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Judge to decide Oct. 9 in trial of woman who refused to do census

A judge will make a ruling next Wednesday in a trial against an 89-year-old woman who refused to fill out the national census.

Audrey Tobias, a long time peace activist, was in a packed Toronto courtroom on Thursday, arguing she refused to take part in the census because the company which created the hardware and software for it is a U.S. weapons manufacturer.

She pleaded not guilty to the charge of refusing or neglecting to return the census. If found guilty by the judge next week Tobias faces a $500 fine and could serve a 90-day jail sentence.

“I would like to see us on the path to peaceful solutions and we don’t get there by having business with companies like Lockheed,” Tobias said.

Lockheed Martin Canada, a subsidiary of global security and aerospace company Lockheed Martin based in Maryland, was awarded a $43.3 million Statistics Canada outsourcing contract in 2006.

Tobias testified she did not object to the form or its questions, and said if another company had created it she would have “probably” filled it out.

There is a legal obligation to fill out the form, the Crown argued, and said Canadians are not free to “pick and choose” which laws they follow.

“I think this country disobeyed its own laws to go outside this country to get that contract…I’m ashamed of my government so I couldn’t fill it in,” Tobias said.

Another issue Tobias has with the census is that she claims Lockheed Martin is obligated to give any data it collects from another country to the U.S. government if requested under the U.S. Patriot Act.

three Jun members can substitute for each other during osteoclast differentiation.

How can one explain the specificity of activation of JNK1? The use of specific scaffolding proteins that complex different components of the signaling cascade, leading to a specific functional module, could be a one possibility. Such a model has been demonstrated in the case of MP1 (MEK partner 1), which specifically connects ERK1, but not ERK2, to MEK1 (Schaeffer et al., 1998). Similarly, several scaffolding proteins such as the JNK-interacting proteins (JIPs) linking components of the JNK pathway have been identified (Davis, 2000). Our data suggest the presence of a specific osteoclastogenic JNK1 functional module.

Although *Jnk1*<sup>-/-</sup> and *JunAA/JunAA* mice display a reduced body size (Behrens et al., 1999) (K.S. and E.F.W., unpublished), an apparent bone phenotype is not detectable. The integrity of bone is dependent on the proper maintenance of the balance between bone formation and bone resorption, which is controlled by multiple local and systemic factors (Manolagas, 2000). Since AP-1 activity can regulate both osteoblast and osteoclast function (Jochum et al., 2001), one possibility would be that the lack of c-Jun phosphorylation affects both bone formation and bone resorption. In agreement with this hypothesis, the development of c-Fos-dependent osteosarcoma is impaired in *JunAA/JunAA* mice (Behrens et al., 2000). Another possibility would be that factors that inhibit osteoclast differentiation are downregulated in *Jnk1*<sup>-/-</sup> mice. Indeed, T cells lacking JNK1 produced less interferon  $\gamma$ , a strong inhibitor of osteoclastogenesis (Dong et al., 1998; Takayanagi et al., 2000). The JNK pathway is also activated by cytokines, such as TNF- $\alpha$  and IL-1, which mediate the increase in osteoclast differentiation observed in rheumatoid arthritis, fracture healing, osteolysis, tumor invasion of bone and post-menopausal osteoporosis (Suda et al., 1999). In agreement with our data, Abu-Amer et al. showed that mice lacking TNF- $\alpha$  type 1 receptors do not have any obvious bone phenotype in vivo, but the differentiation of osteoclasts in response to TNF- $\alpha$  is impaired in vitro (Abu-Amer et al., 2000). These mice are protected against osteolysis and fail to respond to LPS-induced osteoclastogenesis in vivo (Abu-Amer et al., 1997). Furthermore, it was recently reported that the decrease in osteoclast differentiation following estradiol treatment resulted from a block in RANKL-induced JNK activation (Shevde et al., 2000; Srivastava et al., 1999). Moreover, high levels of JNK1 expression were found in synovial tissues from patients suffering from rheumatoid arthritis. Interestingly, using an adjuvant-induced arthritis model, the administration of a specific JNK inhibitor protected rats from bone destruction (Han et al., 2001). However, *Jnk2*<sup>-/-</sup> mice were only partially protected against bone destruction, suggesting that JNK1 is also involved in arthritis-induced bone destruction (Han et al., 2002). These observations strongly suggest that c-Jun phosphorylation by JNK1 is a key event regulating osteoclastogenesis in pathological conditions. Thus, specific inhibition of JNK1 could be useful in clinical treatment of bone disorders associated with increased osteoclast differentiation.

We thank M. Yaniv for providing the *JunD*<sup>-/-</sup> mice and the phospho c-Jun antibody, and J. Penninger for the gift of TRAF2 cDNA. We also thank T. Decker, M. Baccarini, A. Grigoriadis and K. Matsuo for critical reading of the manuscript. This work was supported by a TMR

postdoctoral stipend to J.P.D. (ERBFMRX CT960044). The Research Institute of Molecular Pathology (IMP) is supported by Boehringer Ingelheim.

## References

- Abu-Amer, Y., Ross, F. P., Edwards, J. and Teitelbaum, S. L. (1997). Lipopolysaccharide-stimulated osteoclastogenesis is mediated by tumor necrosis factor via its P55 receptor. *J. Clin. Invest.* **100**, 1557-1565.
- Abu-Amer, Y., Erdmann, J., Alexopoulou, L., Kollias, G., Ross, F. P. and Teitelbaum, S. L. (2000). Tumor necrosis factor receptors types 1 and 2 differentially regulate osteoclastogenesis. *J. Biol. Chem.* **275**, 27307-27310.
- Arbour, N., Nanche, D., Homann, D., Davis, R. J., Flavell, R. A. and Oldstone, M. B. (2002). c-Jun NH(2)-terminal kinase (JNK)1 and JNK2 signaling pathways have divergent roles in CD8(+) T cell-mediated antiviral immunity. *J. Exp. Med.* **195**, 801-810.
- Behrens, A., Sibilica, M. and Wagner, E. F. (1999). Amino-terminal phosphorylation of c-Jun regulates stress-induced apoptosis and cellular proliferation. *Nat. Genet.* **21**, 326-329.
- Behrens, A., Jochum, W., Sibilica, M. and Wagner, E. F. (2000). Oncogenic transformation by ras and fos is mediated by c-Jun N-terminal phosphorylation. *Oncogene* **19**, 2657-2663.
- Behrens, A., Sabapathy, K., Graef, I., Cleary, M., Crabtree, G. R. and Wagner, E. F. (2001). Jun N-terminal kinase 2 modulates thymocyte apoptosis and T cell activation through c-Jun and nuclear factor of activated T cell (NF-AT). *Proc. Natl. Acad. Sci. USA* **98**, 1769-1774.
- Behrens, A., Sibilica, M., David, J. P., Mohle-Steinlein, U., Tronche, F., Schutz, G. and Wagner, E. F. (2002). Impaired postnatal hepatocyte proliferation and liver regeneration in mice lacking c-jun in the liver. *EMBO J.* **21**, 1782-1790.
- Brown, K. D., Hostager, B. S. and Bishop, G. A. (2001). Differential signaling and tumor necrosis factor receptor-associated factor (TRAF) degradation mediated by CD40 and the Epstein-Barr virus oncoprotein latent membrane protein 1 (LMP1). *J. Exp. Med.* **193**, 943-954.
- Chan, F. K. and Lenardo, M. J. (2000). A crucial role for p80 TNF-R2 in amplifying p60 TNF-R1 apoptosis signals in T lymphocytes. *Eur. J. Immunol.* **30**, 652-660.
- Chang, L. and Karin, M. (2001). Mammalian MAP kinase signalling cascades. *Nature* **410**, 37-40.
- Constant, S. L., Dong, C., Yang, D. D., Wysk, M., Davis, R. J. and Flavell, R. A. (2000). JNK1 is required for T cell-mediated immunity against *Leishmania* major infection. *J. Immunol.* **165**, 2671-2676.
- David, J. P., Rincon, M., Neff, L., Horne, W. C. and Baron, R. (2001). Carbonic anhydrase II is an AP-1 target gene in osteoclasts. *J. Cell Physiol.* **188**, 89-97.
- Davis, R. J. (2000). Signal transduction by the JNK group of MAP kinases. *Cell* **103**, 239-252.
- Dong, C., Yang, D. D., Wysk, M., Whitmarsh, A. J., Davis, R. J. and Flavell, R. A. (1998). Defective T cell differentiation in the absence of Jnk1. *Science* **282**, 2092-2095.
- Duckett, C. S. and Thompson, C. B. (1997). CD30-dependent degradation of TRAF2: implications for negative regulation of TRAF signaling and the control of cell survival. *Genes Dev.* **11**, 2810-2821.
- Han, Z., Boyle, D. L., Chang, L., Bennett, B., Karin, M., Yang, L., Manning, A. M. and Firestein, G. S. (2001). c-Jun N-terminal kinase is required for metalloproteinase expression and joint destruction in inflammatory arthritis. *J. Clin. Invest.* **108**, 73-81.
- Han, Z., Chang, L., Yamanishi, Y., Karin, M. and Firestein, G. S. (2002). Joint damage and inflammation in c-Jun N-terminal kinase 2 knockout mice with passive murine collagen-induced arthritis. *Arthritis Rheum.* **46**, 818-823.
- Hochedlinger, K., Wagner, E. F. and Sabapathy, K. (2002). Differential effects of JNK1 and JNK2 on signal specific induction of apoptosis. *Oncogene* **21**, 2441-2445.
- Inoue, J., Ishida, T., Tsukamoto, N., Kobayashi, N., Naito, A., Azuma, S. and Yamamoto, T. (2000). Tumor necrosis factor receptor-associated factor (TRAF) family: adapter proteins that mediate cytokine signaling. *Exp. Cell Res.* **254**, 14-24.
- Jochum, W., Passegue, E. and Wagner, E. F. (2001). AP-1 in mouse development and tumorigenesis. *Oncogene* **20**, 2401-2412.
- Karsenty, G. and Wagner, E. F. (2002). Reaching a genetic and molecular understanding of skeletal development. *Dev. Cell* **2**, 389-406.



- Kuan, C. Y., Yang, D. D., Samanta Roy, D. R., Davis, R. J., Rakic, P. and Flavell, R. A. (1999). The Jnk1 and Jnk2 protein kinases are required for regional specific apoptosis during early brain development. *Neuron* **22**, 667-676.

“That information should be kept in Canada and not with the U.S. Canada is known for its excellent information technology companies that could have taken the contract; there is no need to use an American weapons company,” Tobias said in a release on Tuesday.

Yves Belland, the director of census operations for Statistics Canada, testified Thursday that is was not possible for Lockheed to have a built-in system that would automatically access the information of Canadians.

“We have a system, a group of programmers to code review, to make sure there is no back door,” he said.

“We lock it down,” he testified, adding there were no security breaches in 2006 and 2011. Belland said data had never left the country.

“[Lockheed] has no access to StatsCan data. They provide the solution, but we have the staff. We handle the data,” he said.

On its website, Statistics Canada states “no contractor will ever have access to confidential census responses.”

The census is conducted every five years by Statistics Canada and collects data about Canadian citizens. In 2011, the government sent out 14.6 million requests and got 98 per cent response rate, Belland said.